This allows the lucky so-and-so in charge of the BMW supersaloon to best exploit the M3's glittering dynamic talents, but it's the rear axle that is the divine highlight of this entire celestial show of kinematics. Rarely, if ever, have we been in a forced induction car with such a stonking amount of torque on disposal that feels so accessible, so controllable and so downright playful as this one. It clearly lets you know when the limits of adhesion are being approached, the M diff apportioning out power to the relevant rear wheel to dig the back of the car into the curve and hunker you through, but if you feel brave and keep pressing the razor-sharp throttle then the rear tyres relinquish their hold on the tarmac in a sweet, elegant, even balletic fashion. This M3 transitions to oversteer without any sudden alarm or snappiness, but it's not a boring machine in the corners as a result. Dial the BMW's traction control down to 2/10 on the new setting available in the iDrive menu, or even switch it off completely, and you can feel the car dancing, cavorting and jinking its way along sinuous, intricate back roads in a twinkle-toed manner that completely belies its 1.8-tonne bulk. It is remarkably good in this regard, and a thorough step-change from our earliest tries of its direct predecessor.

Where early F80 and F82 M3 and M4 models felt savage and spiky if you provoked them in the wrong conditions, as if they were turbocharged experiments whose fixed rear-subframe chassis were struggling to cope with the sheer grunt they were being tasked with corralling, the 'G80' M3 Competition is something else entirely. It still commands respect, still demands its driver put some thought and care into truly unleashing the full 650Nm in any of the lower gears of the gearbox, but it doesn't terrify its driver. It's approachable. It's fun. It's engaging. It's completely bloody glorious and addictive. Phenomenal.

What you get for your money

Unsurprisingly, all this magnificence does not come cheap. The M3 Saloon will be solely offered in Competition specification in Ireland, with the automatic gearbox. For now, we know that the rear-drive model will cost €122,900. For that you get the carbon-fibre roof, a 10.25-inch infotainment system, the 12.3-inch digital instrument cluster, the M Head-Up Display, carbon-fibre interior detailing, a 16-speaker Harman Kardon sound system, 19-inch front and 20-inch rear alloy wheels, M Adaptive Suspension, dual-zone climate control, cruise control and a lot more.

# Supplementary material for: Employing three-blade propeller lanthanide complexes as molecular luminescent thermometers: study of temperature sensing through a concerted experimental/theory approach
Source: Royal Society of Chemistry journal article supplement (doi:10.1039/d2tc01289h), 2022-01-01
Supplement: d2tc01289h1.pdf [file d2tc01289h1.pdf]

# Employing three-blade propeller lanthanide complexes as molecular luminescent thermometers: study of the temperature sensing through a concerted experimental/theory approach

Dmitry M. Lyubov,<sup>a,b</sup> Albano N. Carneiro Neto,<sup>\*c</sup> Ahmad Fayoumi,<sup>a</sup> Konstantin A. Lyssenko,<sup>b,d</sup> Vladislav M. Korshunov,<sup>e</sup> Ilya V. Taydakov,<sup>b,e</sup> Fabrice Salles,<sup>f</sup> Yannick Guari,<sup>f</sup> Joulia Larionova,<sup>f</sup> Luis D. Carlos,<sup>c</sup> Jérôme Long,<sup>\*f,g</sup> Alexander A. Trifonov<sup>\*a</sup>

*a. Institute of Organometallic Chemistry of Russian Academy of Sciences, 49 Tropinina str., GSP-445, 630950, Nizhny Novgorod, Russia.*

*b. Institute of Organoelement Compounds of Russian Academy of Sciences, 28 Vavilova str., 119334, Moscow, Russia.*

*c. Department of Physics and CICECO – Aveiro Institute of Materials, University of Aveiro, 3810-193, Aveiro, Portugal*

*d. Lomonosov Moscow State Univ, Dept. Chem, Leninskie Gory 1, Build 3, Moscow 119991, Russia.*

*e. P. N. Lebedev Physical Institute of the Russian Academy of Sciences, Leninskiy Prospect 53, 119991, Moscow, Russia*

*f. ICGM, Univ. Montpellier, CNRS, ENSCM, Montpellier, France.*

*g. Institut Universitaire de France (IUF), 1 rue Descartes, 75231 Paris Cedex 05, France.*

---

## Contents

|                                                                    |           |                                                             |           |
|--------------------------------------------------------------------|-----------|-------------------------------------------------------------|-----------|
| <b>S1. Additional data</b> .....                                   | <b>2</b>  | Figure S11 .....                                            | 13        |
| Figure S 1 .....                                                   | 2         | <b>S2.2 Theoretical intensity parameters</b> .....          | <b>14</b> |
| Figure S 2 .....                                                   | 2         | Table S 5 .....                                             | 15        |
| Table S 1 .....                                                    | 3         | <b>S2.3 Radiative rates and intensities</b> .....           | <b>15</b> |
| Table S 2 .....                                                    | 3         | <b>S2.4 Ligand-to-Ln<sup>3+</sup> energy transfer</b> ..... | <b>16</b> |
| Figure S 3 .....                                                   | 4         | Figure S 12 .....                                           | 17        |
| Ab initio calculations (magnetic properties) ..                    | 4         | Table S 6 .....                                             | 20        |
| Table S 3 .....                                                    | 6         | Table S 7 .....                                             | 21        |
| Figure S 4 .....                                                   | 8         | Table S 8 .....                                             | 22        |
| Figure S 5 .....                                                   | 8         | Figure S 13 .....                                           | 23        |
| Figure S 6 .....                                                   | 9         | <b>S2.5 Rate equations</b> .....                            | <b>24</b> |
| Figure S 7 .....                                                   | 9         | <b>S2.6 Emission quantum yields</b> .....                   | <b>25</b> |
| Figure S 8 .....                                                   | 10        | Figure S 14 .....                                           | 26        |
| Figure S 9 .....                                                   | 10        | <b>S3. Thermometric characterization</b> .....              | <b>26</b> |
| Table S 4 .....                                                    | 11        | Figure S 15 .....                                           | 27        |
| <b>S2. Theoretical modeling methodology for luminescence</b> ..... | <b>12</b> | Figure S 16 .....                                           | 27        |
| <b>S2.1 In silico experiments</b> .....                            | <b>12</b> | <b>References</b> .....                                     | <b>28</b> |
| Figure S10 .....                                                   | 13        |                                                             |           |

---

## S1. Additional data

Just when you think BMW has gone loopy, with its outlandish aesthetic treatment of its cars and its combative marketing tactics, it goes and delivers a masterpiece like this. The new 'G80' is an M3 in the finest tradition: outstanding and thrilling when you want it to be, useable and compliant when you don't. It's got a bonkers face and it'll likely have a bonkers price tag too, but apart from that... this is nigh-on compact supersaloon perfection, right here. Almost every bit as good as the M2 CS, in fact, and that really is saying something.


Tech Specs

Model testedBMW M3 Competition (G80)
Enginetwin-turbocharged 3.0-litre straight-six petrol
Transmissioneight-speed M Steptronic automatic with Drivelogic, rear-wheel drive with Active M Differential
Body stylefour-door, five-seat saloon
CO2 emissions234g/km
Motor tax€2,400 per annum
Combined economy27.7mpg (10.2 litres/100km)
Top speed290km/h with M Driver's Package
0-100km/h3.9 seconds
Power510hp at 6,250rpm
Torque650Nm at 2,750-5,500rpm
Boot space480 litres
SafetyEuro NCAP rating for the BMW 3 Series
Rivals to the M3 Competition Saloon (2021)